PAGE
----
Weaving Studio Plan

In the early 1970’s I was commissioned to design and build a small weaving studio on property located along the coast in Bolinas, California. The client was a weaving apprentice with my sister, who was living on rented property with her family. There was room on that property to place a small studio separated from the main house, and that is where she wanted me to build the studio. Obviously it would be foolish to place a permanent structure on rented property, so I suggested that I design it in such a way that it could fairly easily be dismantled and moved elsewhere if necessary. She liked the idea, so that is what I did.

The floor plan is a unique irregular pentagon of about 170 sf placed on an extending deck that originally overlooked the ocean. There is a sleeping loft accessible by ladder and plenty of windows for light, views and ventilation. There is even a skylight over the loft to see the moon and stars at night. There are about a dozen wall and roof panels, each of which could be unbolted from the others, so it would be possible to dissemble the entire studio and place it on a flatbed truck to be transported.

The client had a very limited budget, so I concocted a plan to use salvaged lumber from an old redwood chicken coop that the owner wanted removed from his property. This allowed me to source nearly all of the materials for free. The accompanying plan specifies redwood throughout because that is what I had to work with at the time. Redwood is now a nearly endangered species, so I would no longer specify this, unless there happens to be a source for salvaged redwood lumber. For the most part the redwood could be substituted with pine or fir that is sustainably harvested, or some other salvaged lumber.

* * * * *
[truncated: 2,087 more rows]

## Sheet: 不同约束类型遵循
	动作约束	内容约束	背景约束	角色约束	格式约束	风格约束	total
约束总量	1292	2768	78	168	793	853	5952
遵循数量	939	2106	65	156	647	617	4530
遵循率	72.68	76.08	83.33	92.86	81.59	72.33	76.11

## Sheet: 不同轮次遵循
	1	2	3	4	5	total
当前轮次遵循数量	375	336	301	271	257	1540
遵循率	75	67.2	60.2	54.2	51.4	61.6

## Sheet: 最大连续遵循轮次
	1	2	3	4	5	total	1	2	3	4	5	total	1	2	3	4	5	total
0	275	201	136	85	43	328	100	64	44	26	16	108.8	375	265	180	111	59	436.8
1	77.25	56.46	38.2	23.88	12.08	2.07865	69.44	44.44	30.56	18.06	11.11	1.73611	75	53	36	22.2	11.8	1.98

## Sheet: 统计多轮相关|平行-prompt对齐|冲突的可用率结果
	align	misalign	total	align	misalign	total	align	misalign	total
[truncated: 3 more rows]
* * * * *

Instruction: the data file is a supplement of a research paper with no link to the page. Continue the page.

Coastal California has a rather benign climate, not requiring a great deal of insulation, so this plan shows a unique wall system with several layers of exterior cladding over the basic frame. This is comprised of a sandwich of diagonal boards covered by tar paper, then aluminum foil (as a radiant heat barrier), more tar paper, then a final traditional board and batt treatment. This arrangement created a water and air tight wall that could withstand whatever the coastal winds threw at it. Even the roof was built this way, but these days I might prefer to use metal roofing that would likely last longer. A better insulated building could easily be created by adding insulation between the wall studs and sheathing the interior, as well as the roof. A small heater or wood stove would keep the space cozy all winter long. And the design also has a passive solar aspect if oriented properly; some additional thermal mass placed on the inside would help keep temperatures stable.

The studio that I built was eventually moved to another location before the land on which it stood was swallowed by the ocean. The rental house is now gone as well.

This plan can be purchased at dreamgreenhomes.com

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